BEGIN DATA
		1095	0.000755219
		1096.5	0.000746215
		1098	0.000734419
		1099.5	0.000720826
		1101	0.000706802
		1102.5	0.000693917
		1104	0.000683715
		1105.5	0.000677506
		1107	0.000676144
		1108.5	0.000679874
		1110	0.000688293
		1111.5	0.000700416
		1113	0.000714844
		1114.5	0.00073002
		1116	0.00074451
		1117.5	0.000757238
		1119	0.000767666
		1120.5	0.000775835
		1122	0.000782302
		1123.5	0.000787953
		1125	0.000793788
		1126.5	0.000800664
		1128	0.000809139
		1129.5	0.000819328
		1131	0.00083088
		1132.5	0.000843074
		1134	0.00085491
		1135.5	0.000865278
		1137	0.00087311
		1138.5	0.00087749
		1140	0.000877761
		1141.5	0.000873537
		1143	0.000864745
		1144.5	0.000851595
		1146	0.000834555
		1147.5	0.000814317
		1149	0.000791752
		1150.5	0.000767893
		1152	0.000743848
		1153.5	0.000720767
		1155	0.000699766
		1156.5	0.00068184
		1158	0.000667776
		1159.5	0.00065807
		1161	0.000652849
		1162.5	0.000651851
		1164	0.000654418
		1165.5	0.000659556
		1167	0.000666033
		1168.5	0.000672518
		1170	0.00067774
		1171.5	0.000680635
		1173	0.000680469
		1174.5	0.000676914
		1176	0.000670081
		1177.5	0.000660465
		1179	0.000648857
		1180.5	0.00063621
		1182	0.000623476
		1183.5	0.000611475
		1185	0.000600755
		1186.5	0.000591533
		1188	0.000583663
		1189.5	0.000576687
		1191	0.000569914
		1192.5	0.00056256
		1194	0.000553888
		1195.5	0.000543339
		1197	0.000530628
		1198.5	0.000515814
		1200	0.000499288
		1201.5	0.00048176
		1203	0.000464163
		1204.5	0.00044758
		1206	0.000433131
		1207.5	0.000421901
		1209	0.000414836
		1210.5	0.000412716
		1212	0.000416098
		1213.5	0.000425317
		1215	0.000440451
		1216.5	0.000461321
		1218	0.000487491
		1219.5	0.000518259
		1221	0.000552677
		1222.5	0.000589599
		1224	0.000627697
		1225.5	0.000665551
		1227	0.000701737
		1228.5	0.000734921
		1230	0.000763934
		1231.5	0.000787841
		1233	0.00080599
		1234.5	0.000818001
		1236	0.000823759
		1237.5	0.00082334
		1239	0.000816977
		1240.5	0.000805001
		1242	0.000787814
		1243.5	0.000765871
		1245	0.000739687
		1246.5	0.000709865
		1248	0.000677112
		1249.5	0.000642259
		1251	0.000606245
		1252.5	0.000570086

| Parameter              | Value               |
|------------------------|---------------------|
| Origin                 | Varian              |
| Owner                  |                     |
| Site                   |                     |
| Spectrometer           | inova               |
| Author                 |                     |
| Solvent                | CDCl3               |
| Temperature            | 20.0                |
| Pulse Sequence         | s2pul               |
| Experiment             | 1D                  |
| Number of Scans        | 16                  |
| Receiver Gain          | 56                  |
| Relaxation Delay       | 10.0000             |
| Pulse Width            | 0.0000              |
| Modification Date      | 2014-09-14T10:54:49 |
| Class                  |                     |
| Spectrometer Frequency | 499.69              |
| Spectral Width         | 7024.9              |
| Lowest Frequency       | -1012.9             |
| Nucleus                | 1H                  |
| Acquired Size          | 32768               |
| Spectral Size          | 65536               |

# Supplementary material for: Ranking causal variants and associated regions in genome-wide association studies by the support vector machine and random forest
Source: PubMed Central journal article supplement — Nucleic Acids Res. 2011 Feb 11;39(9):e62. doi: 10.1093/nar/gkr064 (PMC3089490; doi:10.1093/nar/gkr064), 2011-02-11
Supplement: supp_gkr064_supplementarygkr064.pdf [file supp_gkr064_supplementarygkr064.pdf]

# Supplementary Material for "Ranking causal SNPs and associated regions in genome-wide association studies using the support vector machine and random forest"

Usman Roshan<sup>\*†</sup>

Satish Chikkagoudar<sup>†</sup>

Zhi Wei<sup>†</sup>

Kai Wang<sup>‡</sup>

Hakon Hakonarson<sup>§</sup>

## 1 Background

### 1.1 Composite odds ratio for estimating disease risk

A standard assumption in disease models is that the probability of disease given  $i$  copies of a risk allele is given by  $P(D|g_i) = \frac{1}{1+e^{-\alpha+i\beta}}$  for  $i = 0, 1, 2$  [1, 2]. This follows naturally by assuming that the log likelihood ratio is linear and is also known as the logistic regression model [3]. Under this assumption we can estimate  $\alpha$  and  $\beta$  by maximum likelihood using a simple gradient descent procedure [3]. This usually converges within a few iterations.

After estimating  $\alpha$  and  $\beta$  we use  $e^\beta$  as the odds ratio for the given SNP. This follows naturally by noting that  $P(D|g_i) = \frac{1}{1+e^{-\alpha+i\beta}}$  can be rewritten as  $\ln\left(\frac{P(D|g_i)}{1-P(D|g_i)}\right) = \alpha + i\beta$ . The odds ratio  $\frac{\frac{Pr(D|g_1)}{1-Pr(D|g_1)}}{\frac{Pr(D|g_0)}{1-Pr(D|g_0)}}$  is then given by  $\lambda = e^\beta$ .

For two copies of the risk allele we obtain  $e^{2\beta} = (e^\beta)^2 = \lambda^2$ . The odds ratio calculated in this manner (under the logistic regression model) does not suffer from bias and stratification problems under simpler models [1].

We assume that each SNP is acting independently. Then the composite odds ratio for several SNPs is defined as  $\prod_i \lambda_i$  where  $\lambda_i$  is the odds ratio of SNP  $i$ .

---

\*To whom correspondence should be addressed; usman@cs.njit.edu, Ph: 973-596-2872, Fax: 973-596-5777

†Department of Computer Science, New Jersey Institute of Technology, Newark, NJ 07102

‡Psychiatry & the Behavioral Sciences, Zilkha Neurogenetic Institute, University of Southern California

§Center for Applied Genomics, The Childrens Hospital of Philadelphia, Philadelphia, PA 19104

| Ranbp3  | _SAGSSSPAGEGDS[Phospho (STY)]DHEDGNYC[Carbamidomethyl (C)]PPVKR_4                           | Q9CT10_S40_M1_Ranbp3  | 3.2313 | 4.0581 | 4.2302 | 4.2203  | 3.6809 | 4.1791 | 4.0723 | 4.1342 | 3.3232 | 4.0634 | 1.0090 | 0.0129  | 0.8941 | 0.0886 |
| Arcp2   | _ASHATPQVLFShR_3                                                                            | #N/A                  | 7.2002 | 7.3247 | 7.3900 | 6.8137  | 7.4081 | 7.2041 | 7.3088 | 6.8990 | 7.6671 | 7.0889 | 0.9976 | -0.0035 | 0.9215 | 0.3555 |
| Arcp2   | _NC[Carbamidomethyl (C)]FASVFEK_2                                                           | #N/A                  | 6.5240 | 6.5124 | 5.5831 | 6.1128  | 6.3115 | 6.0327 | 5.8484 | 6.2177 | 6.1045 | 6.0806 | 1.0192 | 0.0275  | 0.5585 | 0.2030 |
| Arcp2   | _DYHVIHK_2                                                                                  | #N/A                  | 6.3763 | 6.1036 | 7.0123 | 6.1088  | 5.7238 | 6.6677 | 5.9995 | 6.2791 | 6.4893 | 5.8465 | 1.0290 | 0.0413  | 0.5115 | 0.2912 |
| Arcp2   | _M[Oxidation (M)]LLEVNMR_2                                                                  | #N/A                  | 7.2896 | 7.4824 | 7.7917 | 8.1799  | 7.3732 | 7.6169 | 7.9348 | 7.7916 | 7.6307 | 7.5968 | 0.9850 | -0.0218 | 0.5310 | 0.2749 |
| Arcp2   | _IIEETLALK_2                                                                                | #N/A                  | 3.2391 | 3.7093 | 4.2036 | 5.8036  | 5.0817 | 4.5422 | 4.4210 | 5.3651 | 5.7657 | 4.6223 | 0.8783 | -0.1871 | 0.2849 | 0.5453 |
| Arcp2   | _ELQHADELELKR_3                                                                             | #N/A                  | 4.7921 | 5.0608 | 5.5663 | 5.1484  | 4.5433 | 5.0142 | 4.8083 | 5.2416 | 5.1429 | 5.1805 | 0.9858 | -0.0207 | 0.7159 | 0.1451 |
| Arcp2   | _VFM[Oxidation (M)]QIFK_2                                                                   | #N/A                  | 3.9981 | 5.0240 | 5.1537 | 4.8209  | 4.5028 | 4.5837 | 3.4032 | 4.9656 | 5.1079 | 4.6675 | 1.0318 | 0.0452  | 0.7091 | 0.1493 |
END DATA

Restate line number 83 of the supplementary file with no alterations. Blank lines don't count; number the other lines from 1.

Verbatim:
		1218	0.000487491